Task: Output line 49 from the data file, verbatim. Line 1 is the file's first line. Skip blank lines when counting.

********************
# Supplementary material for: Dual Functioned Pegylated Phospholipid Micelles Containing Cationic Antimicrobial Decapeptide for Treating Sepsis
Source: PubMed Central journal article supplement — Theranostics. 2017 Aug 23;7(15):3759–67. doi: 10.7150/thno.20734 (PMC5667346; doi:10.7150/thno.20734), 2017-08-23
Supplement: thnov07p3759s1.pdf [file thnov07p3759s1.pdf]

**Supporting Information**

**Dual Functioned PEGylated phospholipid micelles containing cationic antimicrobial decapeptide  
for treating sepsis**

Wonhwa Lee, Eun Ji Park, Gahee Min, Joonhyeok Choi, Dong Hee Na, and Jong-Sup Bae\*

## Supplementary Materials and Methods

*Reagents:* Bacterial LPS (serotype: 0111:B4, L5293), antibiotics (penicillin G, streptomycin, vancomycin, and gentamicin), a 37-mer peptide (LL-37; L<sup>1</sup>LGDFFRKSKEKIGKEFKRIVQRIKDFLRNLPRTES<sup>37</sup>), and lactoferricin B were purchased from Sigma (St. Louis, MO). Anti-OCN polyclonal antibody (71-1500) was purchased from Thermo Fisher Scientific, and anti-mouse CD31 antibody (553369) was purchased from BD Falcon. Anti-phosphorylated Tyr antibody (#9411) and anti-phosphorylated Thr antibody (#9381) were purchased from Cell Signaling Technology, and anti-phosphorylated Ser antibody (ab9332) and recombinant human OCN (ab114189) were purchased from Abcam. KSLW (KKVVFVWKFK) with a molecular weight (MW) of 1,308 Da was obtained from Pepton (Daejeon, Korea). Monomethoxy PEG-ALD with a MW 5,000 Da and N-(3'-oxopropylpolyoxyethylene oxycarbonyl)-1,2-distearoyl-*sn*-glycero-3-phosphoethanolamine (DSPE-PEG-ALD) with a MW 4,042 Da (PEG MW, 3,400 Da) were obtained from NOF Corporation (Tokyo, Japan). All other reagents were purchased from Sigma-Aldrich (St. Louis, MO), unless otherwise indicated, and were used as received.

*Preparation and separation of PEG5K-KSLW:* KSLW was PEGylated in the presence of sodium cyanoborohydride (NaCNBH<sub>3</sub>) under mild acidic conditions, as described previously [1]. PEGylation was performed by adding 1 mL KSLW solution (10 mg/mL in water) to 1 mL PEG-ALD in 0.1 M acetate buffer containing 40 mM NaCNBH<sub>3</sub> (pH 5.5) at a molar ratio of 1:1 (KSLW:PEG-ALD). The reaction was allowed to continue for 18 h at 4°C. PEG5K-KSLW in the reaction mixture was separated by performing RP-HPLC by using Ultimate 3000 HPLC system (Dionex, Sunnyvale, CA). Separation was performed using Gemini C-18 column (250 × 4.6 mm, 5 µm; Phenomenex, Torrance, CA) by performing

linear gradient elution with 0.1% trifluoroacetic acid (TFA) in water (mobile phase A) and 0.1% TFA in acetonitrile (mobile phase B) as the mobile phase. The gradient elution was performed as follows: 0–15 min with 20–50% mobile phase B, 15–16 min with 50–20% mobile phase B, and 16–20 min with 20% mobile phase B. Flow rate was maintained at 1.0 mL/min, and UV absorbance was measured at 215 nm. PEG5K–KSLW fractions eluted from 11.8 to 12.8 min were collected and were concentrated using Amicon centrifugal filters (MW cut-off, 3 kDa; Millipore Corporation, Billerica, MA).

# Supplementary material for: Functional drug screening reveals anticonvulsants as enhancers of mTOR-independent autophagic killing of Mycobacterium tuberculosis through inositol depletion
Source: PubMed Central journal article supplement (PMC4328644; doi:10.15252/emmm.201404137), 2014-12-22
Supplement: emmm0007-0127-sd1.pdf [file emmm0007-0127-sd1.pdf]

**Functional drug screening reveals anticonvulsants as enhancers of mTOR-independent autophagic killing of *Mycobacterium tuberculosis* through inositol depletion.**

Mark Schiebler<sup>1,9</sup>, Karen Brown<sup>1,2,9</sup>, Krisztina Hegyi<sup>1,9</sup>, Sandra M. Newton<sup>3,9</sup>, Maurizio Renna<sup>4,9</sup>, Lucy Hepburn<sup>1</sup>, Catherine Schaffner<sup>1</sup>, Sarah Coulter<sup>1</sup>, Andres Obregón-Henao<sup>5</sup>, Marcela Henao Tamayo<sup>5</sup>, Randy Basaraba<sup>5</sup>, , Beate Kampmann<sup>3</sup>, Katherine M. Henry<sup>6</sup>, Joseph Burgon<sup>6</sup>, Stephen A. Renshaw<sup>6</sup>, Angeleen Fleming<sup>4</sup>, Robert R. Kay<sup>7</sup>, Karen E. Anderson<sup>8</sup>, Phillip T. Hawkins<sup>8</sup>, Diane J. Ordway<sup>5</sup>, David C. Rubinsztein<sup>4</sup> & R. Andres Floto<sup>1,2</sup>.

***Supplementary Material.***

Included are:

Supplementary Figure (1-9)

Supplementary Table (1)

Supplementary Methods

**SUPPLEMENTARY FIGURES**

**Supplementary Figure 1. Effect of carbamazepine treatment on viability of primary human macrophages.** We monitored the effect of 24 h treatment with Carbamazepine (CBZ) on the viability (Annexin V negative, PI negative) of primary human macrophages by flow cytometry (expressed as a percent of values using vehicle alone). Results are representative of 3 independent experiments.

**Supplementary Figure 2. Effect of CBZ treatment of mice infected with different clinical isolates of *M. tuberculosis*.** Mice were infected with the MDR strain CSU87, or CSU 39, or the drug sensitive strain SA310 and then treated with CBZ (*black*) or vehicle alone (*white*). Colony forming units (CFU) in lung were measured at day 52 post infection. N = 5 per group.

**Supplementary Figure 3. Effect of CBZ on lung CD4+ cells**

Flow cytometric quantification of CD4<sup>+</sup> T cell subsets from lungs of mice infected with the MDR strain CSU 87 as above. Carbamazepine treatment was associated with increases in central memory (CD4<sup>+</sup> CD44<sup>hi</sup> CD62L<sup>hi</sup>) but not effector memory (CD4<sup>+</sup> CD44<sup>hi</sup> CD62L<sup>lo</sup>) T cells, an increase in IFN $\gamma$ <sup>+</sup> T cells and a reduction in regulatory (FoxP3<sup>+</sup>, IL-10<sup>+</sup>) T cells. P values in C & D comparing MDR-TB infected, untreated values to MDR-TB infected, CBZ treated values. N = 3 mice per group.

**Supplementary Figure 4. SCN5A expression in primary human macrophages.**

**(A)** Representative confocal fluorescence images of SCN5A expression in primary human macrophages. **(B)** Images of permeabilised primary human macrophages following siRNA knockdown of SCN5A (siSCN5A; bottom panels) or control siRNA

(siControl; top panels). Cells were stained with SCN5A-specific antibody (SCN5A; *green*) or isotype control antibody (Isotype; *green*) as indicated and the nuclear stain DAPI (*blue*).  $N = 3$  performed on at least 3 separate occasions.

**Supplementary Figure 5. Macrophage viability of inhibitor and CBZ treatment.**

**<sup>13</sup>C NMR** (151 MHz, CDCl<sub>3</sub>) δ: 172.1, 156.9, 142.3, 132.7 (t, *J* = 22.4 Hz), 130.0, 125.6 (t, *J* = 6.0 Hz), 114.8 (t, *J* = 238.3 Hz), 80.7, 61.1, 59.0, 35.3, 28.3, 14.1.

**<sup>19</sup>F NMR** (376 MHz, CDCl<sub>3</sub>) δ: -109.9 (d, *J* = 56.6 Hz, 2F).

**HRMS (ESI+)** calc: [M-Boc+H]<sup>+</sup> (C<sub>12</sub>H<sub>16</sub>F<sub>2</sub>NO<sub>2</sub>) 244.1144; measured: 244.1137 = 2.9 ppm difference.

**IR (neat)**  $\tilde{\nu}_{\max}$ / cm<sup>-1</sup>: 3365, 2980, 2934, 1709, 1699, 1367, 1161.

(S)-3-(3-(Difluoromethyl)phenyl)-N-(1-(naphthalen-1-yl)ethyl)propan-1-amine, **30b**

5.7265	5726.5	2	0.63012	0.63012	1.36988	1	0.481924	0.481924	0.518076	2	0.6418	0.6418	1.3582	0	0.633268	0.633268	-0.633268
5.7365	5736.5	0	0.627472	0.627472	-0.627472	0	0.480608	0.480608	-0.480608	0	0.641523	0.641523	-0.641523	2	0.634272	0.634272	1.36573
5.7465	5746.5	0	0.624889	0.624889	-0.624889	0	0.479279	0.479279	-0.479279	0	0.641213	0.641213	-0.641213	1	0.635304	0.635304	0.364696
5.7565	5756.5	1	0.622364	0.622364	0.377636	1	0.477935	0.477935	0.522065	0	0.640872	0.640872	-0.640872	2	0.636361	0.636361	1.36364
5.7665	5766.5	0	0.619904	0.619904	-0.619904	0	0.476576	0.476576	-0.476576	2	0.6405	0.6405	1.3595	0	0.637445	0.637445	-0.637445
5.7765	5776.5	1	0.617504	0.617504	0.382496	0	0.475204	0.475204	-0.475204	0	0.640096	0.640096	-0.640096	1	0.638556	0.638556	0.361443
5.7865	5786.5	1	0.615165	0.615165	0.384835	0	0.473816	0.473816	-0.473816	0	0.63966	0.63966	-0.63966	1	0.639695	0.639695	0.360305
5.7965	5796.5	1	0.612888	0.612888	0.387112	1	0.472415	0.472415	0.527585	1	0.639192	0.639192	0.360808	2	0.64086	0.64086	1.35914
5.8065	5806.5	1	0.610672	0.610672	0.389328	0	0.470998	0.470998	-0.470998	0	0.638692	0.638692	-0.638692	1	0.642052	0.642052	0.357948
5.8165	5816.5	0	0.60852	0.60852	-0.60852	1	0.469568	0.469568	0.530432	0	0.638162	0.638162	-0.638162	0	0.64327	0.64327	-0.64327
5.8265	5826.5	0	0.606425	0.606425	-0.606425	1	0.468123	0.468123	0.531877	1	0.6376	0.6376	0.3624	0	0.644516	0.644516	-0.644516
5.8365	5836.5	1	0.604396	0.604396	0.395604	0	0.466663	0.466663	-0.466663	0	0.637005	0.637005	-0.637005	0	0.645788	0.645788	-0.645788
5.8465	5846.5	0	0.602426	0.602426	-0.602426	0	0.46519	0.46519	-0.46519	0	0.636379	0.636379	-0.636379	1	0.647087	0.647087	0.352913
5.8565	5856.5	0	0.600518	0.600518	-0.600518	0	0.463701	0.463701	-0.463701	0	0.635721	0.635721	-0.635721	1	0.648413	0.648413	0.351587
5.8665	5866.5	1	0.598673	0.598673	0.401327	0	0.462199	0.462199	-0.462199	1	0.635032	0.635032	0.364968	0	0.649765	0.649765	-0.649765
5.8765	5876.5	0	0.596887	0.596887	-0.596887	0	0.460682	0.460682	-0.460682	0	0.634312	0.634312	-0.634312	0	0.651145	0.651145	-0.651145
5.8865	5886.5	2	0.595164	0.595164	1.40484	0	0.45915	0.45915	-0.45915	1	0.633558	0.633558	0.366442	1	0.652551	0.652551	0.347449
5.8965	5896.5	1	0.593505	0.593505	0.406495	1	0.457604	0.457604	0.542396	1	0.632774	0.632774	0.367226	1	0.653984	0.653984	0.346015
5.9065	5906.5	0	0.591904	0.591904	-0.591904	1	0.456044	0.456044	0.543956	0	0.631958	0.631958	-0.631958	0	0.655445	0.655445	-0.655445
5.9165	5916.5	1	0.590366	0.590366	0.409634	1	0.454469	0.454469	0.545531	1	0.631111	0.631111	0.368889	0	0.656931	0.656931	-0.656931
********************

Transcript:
5.8565	5856.5	0	0.600518	0.600518	-0.600518	0	0.463701	0.463701	-0.463701	0	0.635721	0.635721	-0.635721	1	0.648413	0.648413	0.351587